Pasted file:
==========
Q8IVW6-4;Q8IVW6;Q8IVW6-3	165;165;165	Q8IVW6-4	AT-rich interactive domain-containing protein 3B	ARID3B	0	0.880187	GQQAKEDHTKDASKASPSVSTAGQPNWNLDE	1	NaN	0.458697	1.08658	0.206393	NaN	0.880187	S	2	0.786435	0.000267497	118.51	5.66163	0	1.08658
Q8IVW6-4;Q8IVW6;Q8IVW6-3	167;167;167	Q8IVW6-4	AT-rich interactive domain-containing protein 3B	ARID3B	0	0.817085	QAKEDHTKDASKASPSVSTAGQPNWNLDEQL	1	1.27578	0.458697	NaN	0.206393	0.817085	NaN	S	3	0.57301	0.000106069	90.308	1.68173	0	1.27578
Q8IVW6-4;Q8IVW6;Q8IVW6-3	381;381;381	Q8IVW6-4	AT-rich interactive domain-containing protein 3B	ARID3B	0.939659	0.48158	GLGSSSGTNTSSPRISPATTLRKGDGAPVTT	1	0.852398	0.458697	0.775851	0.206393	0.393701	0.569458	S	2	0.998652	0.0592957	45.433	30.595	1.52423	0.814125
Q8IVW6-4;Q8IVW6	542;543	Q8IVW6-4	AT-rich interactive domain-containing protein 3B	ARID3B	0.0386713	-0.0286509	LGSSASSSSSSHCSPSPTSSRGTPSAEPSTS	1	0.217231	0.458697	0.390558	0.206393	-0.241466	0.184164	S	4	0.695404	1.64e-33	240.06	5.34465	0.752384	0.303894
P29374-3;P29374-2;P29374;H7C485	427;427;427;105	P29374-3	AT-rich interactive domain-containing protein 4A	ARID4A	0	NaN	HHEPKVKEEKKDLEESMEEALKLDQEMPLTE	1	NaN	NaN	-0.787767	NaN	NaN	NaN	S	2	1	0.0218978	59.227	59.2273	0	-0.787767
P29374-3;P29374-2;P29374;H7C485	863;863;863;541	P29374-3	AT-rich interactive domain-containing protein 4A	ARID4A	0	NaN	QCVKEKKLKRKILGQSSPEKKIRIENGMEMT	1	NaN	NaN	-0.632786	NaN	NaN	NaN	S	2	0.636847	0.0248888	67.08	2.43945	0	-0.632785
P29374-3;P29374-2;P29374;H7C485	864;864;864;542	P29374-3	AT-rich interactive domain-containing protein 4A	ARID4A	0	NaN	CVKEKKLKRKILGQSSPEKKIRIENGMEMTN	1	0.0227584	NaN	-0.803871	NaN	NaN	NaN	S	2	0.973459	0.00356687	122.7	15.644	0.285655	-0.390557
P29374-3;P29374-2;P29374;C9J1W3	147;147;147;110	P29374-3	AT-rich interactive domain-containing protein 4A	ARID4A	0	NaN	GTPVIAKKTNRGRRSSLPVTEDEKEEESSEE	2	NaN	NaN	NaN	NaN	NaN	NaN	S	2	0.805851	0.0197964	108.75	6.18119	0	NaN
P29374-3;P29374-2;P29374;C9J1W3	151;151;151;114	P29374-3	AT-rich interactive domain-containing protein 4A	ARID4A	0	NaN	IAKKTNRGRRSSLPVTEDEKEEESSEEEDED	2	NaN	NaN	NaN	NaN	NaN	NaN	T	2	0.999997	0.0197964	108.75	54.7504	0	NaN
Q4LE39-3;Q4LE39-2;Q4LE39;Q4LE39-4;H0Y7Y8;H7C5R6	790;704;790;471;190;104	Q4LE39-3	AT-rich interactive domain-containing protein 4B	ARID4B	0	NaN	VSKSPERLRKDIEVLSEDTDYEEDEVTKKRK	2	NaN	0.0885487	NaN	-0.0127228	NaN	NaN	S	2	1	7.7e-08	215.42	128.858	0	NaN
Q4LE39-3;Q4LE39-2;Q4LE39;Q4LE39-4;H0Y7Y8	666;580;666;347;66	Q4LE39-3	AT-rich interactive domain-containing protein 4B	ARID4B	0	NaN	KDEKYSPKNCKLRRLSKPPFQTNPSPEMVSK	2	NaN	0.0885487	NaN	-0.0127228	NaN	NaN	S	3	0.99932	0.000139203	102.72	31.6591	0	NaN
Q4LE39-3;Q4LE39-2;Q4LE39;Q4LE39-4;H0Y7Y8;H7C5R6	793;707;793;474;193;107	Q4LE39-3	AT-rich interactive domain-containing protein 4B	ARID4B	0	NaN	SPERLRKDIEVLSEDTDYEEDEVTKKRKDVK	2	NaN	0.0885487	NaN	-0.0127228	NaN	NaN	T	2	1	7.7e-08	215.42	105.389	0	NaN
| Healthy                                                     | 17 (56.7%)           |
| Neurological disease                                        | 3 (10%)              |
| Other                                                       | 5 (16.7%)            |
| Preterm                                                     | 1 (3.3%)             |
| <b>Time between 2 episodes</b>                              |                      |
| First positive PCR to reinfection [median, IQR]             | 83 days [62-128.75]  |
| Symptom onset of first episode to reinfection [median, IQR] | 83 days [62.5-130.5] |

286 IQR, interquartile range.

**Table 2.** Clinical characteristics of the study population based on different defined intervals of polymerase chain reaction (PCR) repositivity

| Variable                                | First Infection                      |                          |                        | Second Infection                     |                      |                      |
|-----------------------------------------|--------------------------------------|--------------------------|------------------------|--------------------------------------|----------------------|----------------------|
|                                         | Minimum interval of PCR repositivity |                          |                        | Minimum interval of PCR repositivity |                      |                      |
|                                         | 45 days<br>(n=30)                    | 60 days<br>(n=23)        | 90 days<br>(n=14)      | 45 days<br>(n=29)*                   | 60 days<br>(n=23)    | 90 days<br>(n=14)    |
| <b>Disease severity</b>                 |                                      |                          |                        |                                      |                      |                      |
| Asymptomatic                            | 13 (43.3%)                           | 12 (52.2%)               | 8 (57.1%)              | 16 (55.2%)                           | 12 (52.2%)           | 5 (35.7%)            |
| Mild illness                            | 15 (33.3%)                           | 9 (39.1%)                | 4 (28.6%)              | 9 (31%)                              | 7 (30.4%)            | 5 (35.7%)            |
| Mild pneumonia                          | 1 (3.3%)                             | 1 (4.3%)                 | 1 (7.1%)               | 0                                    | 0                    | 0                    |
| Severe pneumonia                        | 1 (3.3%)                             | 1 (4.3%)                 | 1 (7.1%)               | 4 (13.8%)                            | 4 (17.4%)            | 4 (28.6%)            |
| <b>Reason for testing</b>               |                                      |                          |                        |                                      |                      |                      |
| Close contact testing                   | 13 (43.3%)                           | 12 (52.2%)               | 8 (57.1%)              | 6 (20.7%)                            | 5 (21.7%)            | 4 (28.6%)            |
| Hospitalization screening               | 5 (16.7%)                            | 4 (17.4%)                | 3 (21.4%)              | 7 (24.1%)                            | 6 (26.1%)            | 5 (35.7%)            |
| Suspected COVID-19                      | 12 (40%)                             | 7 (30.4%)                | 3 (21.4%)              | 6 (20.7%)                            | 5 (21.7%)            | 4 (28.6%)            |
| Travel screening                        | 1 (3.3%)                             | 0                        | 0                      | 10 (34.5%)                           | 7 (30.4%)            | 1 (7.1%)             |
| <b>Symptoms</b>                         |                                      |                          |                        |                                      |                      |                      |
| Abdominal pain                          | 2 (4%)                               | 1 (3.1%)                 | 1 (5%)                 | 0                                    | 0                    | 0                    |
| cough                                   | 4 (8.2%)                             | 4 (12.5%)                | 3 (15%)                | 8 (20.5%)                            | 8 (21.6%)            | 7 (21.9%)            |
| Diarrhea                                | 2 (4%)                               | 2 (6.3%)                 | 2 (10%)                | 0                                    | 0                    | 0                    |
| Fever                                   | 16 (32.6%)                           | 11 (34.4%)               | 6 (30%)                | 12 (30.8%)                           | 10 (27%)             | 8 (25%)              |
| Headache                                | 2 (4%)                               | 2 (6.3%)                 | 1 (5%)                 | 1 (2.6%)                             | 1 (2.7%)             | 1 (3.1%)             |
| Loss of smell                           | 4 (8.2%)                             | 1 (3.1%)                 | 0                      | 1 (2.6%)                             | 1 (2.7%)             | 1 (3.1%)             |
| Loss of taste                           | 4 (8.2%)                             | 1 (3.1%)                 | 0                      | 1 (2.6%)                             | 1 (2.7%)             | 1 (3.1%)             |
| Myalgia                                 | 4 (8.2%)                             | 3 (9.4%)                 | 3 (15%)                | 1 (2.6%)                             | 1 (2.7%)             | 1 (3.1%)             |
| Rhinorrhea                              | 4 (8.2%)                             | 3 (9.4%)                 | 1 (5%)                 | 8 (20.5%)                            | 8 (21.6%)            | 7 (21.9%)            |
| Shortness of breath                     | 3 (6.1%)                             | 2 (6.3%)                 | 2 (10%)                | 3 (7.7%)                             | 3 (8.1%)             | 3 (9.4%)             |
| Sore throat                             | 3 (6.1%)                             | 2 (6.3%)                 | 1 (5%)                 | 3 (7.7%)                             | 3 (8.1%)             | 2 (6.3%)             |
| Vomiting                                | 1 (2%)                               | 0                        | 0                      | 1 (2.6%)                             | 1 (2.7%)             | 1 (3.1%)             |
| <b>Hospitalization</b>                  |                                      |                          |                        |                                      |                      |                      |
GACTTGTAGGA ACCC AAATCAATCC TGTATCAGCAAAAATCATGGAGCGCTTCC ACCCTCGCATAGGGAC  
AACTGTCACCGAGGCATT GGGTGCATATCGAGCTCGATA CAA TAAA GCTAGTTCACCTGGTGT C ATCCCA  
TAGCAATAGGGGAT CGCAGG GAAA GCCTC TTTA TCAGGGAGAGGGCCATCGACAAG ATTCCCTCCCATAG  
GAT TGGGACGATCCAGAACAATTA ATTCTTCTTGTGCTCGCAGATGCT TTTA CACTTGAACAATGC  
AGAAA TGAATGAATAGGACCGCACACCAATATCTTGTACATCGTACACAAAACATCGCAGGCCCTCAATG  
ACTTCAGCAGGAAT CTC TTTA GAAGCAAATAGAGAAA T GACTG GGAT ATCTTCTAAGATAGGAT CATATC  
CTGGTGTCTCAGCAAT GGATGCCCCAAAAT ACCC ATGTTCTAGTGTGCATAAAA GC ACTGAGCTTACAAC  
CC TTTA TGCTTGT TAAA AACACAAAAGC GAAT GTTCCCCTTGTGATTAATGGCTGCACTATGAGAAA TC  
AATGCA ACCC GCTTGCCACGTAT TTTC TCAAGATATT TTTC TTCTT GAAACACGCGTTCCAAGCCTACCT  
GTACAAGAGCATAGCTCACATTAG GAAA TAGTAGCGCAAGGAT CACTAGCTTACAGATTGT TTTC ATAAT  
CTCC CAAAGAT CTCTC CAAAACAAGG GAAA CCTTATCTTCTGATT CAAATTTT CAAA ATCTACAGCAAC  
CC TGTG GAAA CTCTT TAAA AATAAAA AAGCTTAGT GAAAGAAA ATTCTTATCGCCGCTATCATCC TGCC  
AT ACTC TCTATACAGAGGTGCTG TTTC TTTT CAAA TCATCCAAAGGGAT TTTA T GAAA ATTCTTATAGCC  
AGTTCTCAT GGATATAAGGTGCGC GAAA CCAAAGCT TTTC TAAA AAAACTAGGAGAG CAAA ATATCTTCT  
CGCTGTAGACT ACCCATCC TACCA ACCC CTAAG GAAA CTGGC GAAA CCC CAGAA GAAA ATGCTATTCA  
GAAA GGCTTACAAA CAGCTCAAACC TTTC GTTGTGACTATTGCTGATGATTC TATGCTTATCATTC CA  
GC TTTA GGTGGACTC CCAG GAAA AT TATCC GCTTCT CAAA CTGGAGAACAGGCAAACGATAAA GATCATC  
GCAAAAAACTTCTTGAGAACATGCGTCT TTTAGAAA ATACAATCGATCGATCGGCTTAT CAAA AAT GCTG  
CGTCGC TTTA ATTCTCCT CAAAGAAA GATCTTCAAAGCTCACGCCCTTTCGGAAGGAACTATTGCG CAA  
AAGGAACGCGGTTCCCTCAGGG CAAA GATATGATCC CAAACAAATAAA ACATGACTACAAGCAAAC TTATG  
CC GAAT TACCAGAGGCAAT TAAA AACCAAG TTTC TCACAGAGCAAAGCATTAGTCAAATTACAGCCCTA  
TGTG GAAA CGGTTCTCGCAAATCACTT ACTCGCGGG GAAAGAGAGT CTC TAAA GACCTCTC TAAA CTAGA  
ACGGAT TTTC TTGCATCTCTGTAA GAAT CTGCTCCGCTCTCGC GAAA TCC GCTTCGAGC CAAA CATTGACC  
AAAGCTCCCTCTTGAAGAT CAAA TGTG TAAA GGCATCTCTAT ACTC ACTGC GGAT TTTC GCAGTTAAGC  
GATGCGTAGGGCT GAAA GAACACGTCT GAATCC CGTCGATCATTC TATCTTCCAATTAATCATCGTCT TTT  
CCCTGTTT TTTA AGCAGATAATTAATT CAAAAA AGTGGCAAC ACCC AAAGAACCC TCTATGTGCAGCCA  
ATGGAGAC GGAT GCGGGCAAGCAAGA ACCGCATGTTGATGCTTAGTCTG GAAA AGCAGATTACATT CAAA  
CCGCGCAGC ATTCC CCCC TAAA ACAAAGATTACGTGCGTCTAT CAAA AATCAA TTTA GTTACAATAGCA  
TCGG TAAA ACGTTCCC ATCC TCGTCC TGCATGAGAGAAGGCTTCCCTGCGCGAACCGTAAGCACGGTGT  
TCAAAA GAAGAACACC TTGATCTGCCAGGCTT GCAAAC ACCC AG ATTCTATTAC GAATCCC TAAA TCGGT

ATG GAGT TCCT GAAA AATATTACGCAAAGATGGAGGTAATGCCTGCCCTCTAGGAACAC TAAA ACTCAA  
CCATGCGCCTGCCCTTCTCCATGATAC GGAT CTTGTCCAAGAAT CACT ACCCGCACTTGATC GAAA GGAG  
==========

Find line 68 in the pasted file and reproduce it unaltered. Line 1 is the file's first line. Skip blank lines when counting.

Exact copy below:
CGTCGC TTTA ATTCTCCT CAAAGAAA GATCTTCAAAGCTCACGCCCTTTCGGAAGGAACTATTGCG CAA  